Fifty-three-year-old female patient with a history of 7 years of CH, the last 1.5 years being chronic. CH started with an overdose of Herphonal immediately after an attempted suicide due to depression. The current therapy consisted of Sumatriptan 2 tablets daily, oxygen inhalation and Verapamil 480 mg per day. Four PBCS therapies within 9 days showed no effect at all in terms of attack rate or frequency, so the therapy attempt was terminated. In the following 12 months, further therapeutic trials with cortisone, lithium and topiramate were discontinued due to intolerance. Due to the severity of the disease, several applications for retirement have been submitted.
Cases 1, 2, 3
Example Case 2: 25-year-old male patient with a history of 6 years of CH, the last 1.5 years being chronic. In the past Verapamil 240 mg had to be stopped because of bradycardia and attacks could have been stopped only with cortisone courses. Before the treatment he had suffered from 1.5 attacks per day, being treated with Triptan nasal application and oxygen inhalation. The patient received 3 PBCS treatments within 7 days. Among them, the number of attacks and pain intensity decreased slightly. However, without any further therapy 2 weeks after the last PBCS treatment, the attacks were completely suspended. The patient has now been symptom-free for more than 1 year, showing long-lasting remission.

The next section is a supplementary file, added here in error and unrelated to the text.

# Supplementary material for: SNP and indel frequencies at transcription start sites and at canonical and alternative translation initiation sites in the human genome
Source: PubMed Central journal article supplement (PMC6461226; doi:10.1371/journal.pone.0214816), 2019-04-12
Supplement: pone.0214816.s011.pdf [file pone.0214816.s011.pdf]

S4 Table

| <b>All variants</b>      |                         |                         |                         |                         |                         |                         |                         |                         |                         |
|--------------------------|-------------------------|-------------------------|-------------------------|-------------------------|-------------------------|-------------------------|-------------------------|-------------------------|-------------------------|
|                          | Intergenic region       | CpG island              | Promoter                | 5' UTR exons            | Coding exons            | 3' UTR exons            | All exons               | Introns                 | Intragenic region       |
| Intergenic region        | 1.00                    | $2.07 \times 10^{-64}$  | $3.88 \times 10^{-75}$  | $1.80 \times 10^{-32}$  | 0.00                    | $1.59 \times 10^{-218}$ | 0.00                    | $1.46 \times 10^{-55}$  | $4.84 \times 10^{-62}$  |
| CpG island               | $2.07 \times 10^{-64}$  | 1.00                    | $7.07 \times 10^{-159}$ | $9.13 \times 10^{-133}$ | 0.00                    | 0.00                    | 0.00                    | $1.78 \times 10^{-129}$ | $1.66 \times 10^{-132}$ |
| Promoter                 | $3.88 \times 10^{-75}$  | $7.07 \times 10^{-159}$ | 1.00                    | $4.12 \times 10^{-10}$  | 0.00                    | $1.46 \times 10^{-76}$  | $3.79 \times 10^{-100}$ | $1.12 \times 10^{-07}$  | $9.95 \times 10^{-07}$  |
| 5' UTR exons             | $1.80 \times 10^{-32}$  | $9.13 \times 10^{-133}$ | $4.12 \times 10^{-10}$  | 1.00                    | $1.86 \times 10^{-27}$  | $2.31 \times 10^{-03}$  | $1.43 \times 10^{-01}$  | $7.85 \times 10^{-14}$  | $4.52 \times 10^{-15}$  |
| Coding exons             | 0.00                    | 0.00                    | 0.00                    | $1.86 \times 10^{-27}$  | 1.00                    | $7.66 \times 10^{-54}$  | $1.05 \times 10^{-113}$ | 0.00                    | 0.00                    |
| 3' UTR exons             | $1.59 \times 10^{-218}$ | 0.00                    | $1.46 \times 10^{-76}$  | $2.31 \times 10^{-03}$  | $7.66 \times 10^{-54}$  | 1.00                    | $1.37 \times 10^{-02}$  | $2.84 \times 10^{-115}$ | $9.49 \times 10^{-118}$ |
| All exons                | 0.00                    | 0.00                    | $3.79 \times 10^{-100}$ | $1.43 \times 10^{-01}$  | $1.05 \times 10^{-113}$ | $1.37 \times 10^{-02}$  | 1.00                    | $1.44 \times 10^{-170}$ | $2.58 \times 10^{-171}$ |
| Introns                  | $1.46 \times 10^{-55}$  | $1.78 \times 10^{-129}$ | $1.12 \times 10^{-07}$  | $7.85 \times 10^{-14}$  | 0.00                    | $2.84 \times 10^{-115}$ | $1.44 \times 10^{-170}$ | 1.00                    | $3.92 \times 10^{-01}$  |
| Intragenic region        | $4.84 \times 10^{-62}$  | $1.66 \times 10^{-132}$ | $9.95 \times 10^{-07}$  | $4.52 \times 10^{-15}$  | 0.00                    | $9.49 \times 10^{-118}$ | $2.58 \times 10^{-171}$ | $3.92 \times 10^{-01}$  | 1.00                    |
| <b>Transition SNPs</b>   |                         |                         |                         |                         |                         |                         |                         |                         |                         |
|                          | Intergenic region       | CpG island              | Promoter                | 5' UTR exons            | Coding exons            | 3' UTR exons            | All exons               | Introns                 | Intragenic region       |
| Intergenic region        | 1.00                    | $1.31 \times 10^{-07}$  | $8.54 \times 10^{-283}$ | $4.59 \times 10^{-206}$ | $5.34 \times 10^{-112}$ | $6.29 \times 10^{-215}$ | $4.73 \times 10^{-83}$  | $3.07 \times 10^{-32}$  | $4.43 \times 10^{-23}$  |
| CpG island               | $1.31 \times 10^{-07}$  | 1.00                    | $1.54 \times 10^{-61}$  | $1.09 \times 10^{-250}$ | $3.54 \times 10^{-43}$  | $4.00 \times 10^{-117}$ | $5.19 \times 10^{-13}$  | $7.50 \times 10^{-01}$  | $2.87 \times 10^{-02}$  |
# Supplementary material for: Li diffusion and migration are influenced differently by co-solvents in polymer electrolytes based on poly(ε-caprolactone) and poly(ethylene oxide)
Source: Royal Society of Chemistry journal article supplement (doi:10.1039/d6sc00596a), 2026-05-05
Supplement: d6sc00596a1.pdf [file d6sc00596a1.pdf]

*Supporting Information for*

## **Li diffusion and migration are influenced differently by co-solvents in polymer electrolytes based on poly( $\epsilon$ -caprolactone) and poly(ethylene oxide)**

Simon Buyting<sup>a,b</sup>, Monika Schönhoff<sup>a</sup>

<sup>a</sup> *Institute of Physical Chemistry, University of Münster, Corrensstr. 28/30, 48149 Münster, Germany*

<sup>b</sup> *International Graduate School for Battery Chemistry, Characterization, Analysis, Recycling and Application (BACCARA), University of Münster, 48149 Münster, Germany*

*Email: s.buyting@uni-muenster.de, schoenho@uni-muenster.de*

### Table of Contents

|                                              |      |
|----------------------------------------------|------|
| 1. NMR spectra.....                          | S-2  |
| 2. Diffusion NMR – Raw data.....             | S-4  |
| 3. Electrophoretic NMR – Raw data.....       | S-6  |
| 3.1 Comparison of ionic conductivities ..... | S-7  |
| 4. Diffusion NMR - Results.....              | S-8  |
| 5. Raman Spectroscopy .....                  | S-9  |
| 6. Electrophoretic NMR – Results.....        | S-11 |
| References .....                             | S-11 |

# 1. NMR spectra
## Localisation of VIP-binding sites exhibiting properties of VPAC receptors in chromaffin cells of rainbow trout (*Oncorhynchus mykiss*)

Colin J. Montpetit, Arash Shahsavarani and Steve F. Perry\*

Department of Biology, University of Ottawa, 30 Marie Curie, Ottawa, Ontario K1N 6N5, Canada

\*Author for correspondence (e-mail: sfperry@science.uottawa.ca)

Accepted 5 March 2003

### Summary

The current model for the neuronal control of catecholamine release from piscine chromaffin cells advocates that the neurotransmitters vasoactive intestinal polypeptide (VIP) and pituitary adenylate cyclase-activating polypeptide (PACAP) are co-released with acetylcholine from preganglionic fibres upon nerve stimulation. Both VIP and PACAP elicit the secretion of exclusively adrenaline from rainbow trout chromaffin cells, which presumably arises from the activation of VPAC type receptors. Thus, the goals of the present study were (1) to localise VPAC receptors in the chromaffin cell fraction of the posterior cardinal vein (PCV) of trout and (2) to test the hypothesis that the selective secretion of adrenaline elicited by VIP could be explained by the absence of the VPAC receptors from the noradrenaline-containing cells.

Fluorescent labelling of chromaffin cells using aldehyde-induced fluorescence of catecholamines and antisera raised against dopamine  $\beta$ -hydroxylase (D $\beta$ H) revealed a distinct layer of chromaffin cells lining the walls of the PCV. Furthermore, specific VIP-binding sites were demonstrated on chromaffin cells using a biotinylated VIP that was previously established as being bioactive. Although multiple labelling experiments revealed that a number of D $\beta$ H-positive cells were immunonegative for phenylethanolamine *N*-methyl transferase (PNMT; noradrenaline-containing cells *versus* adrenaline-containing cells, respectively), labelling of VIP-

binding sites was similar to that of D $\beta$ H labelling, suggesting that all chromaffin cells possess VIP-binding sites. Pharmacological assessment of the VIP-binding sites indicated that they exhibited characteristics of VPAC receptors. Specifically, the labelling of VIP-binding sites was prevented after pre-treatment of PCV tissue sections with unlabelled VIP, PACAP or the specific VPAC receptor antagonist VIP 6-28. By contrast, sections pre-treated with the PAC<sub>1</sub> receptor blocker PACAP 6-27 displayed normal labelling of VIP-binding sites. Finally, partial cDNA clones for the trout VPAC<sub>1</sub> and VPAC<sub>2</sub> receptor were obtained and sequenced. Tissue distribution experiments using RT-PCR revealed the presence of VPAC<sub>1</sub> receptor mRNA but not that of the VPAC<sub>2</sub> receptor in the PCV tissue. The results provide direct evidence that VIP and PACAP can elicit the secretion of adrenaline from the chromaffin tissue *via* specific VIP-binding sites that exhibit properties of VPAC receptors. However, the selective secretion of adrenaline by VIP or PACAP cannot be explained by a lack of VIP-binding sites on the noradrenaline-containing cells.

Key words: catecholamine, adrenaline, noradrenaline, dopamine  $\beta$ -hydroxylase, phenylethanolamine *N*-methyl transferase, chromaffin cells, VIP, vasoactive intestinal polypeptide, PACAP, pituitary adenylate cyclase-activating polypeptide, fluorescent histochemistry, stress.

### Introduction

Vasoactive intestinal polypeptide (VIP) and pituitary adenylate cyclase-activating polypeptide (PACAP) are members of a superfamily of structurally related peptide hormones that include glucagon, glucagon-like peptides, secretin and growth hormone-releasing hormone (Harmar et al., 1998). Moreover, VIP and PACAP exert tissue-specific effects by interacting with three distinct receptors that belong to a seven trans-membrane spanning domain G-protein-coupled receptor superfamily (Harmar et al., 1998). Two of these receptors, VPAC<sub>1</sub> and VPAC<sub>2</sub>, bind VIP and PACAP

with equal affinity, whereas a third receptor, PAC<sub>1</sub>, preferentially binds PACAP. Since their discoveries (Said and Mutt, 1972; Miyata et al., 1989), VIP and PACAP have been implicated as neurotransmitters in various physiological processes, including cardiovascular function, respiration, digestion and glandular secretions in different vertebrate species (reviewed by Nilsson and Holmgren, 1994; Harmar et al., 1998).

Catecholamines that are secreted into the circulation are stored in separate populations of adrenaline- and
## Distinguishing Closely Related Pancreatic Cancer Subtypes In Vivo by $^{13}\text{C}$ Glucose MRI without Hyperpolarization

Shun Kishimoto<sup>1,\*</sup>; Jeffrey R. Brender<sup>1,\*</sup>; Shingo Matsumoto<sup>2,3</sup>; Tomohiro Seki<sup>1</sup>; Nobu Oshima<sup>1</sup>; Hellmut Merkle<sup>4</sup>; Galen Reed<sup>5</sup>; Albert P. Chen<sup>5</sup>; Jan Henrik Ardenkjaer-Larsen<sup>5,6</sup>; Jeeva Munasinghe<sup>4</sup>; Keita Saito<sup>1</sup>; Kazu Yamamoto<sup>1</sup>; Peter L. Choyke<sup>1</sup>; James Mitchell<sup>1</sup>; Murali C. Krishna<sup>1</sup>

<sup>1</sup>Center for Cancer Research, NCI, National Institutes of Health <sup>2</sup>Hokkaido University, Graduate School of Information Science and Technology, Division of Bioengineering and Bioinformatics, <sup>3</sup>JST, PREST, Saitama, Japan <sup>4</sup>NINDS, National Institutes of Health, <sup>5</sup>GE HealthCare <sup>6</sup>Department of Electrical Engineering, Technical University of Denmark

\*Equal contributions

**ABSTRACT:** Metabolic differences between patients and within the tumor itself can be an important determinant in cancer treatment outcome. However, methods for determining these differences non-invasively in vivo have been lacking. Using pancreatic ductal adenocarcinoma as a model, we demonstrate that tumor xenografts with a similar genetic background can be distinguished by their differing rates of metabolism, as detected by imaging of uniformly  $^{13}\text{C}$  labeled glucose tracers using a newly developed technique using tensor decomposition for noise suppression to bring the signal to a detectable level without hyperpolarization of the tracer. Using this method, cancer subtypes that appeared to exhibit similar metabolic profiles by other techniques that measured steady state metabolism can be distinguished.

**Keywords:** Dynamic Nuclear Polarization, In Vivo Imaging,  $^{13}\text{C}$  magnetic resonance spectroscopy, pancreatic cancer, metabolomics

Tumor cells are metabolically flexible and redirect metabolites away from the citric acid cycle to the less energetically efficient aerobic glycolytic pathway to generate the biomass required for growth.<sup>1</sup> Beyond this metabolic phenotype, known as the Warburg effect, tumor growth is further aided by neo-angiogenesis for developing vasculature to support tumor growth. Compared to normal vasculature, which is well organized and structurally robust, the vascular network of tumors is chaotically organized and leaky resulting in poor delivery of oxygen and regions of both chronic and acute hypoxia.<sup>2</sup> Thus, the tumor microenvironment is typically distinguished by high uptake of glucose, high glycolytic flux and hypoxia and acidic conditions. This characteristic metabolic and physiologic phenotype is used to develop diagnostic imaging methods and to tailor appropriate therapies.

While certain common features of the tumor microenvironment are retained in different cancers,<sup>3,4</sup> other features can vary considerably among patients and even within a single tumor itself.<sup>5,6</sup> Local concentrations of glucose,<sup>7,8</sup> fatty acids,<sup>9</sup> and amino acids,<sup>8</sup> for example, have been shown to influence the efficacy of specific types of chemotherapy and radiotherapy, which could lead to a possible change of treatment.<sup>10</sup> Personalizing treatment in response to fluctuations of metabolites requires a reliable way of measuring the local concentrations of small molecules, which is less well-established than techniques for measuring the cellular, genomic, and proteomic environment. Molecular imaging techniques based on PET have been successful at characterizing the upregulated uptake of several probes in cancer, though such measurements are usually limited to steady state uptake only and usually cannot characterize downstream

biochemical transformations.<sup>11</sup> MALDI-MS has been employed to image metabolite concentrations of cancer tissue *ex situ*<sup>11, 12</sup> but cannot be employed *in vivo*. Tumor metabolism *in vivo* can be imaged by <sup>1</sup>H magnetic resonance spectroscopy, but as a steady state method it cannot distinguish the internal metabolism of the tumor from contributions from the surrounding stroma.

Long-Lasting Remissions with Easier Recurrent Episodes
Cases 4, 5, 6, 7, 8, 9, 10
Sixty-nine-year-old male patient with a history of 20 years of CH, the last 19 years being chronic. Besides cluster attacks every other day, he had suffered from a 24 hr concomitant level 4 pain homolateral beneath the eye in the region of the upper jaw. At the beginning he received 4 PBCS treatments with subsequent complete pain relief of the concomitant pain and only very rare attacks; three months later and after 6 months he needed two more treatment series with 3 sessions. During the second year, he needed only one treatment to stay completely free of pain.